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Taking DUI Courts to Scale

In the past, I have discussed the groundbreaking work being done in San Joaquin County, California under the leadership of Judicial Advisory Board Member Judge Richard Vlavianos. An innovator and leader within the criminal justice field, Judge Vlavianos relies heavily on risk, needs, and mental health assessments (such as CARS) to guide his decision-making in handling the cases before him. His courtroom has become a testing ground for new and promising practices and he never shies away from borrowing ‘what works’ and incorporating it into his constantly evolving program model. After having spent many years working and volunteering within the justice system, I can also report that it’s not every day that you see a judge, an authoritative and sometimes ominous figure, step off the bench and use the power of positive reinforcement to promote behavior change. But this is exactly what happens in ‘Judge V’s’ courtroom.

Judge Vlavianos’ tiered approach to the traditional DUI Court model and reliance on risk triage to identify offender risk and need levels has allowed him to supervise more than 500 DUI offenders annually (all repeat offenders in his county). The success of his program has been recognized nationally and the proof is in the numbers – in the decade that the DUI Monitoring Court has been in operation, San Joaquin County has gone from one of the worst counties in the state for DUI fatalities to the 4th best. Moreover, in the 9.5 years since the court’s inception, they have served over 4,100 clients which translates into 440% greater impact when compared to a traditional DUI Court.

As a long-time partner of the National Center for DWI Courts (NCDC) we believe in the expansion of treatment courts. These programs that combine intensive supervision, accountability, treatment, and positive reinforcement make a significant difference in reducing DUI and general recidivism among the highest-risk individuals. In recognition of the success of DUI Courts and Judge Vlavianos model which essentially takes traditional courts to scale, supported NPC Research and NCDC in a new training initiative. Earlier this month, practitioners from six California counties (Contra Costa, Kern, Monterey, Santa Clara, Tulare, Yuba) convened in Sacramento to learn how to implement a multi-track DUI Court model to match supervision and interventions to the assessed risk level and treatment needs of individuals.

Why is this practice important? According to NPC Research, the purpose of having alternative tracks within a DUI Court is to ensure that practitioners “avoid mixing participants with different risk levels in the same treatment groups, as high-risk individuals can take advantage of lower risk participants or teach the low-risk participants high-risk behaviors.” As Carolyn Hardin, Chief of Training and Research at the National Association of Drug Court Professionals (NADCP) often remarks, “risk is contagious.” Moreover, to achieve better long-term outcomes, it is also necessary to ensure that we do not over treat or supervise individuals who do not require intensive services.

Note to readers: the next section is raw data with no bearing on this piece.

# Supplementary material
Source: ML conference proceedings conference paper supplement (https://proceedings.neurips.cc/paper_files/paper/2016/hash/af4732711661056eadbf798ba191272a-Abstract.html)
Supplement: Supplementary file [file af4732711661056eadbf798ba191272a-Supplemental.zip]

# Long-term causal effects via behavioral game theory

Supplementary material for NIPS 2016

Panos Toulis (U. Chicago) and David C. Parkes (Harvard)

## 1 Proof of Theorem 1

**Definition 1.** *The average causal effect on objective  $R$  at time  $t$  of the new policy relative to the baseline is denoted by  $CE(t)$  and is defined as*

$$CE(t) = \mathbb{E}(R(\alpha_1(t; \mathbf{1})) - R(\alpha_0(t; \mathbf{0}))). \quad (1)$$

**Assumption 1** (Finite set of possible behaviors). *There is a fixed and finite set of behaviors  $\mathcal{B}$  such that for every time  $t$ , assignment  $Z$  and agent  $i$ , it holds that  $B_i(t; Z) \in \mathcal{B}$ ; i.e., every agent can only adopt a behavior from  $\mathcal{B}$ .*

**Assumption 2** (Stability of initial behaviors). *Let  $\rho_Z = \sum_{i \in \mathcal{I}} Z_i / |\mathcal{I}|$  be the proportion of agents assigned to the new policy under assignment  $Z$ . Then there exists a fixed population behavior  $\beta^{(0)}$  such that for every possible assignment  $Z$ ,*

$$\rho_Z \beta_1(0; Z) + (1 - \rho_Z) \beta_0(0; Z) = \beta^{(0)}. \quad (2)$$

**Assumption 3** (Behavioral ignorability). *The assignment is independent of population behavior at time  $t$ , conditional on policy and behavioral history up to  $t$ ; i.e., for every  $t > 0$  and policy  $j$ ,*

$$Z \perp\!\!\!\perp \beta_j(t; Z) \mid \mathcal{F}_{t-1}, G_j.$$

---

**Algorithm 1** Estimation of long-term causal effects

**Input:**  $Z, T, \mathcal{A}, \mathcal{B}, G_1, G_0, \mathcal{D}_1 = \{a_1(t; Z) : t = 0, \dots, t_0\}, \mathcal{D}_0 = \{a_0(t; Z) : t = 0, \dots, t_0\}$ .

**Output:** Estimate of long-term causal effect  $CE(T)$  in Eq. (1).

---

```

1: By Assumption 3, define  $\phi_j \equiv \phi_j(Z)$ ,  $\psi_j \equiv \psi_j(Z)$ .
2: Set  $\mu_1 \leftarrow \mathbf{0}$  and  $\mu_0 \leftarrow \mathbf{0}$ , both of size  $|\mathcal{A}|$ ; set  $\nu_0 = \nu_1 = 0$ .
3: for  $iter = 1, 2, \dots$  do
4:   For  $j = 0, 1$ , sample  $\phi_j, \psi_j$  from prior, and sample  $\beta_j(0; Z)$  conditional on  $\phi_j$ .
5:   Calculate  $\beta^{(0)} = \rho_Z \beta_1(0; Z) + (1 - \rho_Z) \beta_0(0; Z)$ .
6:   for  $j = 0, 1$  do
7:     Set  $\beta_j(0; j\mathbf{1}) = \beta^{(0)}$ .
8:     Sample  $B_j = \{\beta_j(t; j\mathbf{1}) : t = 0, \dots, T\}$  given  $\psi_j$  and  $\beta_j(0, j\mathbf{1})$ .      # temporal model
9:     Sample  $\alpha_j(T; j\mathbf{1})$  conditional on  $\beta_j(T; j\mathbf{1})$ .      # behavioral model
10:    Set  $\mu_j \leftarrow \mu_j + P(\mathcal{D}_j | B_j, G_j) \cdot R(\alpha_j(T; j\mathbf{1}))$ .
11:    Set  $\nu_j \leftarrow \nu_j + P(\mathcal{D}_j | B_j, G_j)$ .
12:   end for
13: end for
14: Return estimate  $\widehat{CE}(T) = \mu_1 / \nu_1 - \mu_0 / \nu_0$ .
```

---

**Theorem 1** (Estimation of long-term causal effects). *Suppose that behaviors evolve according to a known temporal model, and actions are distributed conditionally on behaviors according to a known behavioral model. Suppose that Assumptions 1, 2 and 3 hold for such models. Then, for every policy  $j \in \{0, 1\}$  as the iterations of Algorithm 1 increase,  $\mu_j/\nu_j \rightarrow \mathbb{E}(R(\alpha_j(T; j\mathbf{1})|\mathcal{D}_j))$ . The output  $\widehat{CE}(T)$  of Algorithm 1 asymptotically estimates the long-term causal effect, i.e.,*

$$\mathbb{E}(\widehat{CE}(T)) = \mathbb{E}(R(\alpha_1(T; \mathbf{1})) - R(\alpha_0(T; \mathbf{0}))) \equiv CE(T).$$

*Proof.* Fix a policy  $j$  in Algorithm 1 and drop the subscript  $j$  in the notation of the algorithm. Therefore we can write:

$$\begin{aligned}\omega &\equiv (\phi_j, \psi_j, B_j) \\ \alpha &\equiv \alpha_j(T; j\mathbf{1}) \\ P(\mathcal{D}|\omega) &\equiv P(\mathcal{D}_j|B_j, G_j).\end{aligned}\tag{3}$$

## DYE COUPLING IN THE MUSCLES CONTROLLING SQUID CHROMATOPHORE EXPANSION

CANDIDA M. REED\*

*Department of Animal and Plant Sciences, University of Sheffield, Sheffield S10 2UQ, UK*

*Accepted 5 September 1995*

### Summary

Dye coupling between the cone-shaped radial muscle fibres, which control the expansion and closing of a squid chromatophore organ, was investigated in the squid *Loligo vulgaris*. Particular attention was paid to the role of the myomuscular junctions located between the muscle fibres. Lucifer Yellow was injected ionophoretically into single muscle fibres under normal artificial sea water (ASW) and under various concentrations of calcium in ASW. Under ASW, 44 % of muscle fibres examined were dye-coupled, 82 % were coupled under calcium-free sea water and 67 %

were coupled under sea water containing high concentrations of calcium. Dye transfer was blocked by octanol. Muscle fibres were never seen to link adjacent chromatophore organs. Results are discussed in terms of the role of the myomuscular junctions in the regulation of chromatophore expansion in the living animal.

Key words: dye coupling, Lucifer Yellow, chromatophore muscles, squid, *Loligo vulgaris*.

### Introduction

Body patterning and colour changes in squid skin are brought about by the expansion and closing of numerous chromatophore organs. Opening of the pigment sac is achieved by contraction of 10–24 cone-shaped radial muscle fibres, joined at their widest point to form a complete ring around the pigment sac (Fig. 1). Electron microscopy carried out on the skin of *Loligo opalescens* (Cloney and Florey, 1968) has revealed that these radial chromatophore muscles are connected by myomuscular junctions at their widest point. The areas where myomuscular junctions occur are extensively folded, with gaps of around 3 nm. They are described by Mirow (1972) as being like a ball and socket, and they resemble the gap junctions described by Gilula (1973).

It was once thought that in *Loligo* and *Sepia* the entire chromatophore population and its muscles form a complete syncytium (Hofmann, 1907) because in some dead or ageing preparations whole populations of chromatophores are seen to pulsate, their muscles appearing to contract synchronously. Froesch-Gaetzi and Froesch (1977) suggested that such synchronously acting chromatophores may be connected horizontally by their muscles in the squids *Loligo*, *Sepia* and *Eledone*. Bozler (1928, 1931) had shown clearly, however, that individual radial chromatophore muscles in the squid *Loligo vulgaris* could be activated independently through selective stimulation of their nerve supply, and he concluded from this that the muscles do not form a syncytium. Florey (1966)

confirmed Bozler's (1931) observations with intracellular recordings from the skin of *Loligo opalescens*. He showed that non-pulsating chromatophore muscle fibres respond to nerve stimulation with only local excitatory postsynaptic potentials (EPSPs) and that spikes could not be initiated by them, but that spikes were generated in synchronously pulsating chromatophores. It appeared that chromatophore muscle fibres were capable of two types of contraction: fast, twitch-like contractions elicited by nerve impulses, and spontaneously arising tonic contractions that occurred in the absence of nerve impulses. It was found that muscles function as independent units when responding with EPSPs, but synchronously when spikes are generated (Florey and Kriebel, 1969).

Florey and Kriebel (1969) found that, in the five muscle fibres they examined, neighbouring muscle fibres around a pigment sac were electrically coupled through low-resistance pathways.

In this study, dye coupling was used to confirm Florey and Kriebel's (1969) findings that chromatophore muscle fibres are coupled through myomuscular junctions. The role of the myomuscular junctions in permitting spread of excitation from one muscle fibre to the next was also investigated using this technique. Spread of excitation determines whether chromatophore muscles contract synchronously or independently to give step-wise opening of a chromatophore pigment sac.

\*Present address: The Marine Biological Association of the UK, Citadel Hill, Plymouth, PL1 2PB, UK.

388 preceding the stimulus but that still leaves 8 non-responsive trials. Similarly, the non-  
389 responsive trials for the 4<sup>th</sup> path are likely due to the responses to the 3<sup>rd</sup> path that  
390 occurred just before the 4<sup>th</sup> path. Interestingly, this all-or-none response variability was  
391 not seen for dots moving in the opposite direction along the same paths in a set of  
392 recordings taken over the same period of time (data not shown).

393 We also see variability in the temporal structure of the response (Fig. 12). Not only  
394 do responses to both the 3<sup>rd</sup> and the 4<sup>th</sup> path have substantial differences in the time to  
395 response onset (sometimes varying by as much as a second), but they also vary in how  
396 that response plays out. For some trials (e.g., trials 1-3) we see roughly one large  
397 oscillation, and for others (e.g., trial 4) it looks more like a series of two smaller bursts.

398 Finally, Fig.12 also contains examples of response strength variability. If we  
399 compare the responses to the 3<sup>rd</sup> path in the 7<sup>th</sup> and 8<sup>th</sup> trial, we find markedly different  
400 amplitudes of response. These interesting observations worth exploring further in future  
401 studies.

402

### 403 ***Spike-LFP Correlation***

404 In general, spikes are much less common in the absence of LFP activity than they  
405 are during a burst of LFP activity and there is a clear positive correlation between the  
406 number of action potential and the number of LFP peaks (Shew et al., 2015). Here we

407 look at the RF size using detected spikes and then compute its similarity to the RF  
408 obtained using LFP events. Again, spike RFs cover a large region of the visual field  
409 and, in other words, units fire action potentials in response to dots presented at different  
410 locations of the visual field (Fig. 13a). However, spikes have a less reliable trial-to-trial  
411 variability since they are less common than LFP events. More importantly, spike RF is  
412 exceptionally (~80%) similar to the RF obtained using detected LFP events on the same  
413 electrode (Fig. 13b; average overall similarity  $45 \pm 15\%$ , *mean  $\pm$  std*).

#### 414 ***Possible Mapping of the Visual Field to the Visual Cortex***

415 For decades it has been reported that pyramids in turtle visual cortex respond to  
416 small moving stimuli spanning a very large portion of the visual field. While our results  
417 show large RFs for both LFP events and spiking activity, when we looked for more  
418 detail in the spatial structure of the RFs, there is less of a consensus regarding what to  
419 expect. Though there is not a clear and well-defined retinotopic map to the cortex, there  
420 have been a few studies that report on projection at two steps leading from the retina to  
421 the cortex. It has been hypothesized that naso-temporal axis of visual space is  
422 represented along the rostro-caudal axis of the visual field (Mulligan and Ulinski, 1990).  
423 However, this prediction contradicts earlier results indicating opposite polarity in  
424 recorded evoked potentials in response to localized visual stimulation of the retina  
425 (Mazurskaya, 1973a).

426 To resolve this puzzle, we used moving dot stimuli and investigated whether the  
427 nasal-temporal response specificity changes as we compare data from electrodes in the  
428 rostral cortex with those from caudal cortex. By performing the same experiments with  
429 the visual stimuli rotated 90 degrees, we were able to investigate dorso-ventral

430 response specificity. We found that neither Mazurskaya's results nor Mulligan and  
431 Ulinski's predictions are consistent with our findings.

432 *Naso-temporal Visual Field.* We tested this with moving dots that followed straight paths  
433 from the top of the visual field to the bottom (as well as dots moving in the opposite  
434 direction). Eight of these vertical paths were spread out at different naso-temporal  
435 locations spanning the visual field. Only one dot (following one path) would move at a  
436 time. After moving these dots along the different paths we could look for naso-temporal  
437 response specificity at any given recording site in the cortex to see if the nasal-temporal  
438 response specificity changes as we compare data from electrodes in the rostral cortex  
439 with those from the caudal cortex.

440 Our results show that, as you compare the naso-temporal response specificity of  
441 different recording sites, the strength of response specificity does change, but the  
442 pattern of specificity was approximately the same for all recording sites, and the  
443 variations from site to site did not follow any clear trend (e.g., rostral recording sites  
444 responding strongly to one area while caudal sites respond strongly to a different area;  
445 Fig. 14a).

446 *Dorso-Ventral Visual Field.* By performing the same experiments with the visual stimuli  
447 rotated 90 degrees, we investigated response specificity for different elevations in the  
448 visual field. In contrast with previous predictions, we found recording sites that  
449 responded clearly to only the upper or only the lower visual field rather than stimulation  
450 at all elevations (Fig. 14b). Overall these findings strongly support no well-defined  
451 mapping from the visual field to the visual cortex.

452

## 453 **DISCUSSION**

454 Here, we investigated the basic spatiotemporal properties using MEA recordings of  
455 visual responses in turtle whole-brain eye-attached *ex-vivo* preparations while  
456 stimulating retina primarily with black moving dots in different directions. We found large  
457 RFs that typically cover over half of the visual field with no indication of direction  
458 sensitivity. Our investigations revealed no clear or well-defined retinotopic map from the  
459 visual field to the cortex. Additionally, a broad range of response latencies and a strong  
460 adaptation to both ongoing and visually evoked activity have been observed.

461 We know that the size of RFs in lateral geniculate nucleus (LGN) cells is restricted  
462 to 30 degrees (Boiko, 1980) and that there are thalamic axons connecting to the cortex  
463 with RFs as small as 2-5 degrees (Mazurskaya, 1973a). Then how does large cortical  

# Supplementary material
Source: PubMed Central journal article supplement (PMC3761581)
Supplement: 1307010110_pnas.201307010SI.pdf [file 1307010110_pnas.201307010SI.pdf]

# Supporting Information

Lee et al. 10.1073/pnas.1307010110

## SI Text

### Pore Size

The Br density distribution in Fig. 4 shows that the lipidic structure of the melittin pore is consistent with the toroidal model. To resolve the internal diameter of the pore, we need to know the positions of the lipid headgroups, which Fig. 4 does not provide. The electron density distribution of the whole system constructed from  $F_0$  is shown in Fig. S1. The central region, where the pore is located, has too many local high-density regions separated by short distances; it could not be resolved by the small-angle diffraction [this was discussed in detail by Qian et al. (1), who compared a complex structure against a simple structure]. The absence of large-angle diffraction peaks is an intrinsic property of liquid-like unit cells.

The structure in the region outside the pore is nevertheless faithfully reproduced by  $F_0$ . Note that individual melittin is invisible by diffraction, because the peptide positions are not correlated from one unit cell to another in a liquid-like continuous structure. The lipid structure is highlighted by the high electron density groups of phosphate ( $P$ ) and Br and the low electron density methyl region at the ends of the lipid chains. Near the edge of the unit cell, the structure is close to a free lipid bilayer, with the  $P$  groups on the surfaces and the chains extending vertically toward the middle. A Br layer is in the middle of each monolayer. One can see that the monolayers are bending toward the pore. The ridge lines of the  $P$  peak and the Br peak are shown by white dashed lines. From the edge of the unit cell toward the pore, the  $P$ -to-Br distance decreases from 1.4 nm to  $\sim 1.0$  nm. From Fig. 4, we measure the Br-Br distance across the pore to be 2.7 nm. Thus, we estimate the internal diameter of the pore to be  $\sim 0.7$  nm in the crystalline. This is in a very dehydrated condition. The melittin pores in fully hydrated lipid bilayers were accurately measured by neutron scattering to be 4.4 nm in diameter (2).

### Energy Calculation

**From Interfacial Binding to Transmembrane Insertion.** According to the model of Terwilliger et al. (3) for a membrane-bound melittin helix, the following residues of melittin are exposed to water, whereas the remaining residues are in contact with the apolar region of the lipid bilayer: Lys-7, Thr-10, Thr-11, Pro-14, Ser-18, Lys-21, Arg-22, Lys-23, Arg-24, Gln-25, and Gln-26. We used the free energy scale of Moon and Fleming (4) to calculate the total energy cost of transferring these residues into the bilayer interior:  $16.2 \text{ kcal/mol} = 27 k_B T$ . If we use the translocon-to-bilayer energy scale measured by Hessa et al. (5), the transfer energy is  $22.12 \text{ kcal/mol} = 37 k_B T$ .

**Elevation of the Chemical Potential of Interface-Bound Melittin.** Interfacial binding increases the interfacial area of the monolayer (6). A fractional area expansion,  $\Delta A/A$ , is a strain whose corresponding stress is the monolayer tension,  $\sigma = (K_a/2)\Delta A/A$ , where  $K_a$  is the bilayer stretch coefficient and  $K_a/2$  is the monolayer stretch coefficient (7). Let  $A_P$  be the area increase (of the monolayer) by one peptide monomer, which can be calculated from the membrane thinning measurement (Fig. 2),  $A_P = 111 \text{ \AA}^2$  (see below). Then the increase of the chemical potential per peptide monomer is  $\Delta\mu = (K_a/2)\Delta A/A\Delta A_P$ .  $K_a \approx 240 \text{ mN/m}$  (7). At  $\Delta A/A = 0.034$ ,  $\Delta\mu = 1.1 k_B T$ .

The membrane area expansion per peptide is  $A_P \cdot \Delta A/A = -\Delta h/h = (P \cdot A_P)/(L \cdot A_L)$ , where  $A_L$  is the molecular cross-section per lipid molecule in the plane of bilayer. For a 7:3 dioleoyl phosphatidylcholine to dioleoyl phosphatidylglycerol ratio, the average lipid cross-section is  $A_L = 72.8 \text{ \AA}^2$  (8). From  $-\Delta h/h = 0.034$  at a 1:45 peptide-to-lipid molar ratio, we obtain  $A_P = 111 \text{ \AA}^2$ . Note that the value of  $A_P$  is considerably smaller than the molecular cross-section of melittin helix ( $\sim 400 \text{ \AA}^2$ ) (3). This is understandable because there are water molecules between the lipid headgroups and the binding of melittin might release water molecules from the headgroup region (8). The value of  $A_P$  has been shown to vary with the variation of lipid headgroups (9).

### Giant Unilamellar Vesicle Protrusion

The application of the risk and needs principles first led to the development of alternative tracks in adult drug courts. In 2008, Judge Vlavianos sought to incorporate this approach within his DUI Court. Judge Vlavianos realized that many of the repeat DUI offenders in his program are not dependent on alcohol or drugs and do not need the high level of supervision and treatment that would be appropriate for high-risk/high-need offenders. For this reason, he separated his court into two tracks: Track 1 is the “monitoring track” where participants are required to come to court infrequently to report on progress in completing the terms of their probation, including DMV requirements to qualify to get their license returned. Track 2 is for those participants who demonstrate that they are unable to comply with Track 1 requirements and are assessed as needing substance and/or mental health treatment. Track 2 follows the traditional DUI Court model more closely. Through the process of risk triage, Judge Vlavianos separates offenders between his two tracks which simultaneously allows him to focus resources on those who require them the most. Data from his court reveals that only 31% of offenders are assessed as being high-risk/high needs - these are the individuals placed in the treatment track.

It is our hope that more California counties will adopt the San Joaquin model in the near future. Next year, hopes to collaborate with other states to expand upon this initial training and increase the implementation of DUI courts.

Erin Holmes, Director, Traffic Safety and Technical Writer for Criminal Justice Programs, is responsible for managing’s traffic safety portfolio and partnerships, and is involved in the development of traffic safety and criminal justice policy.

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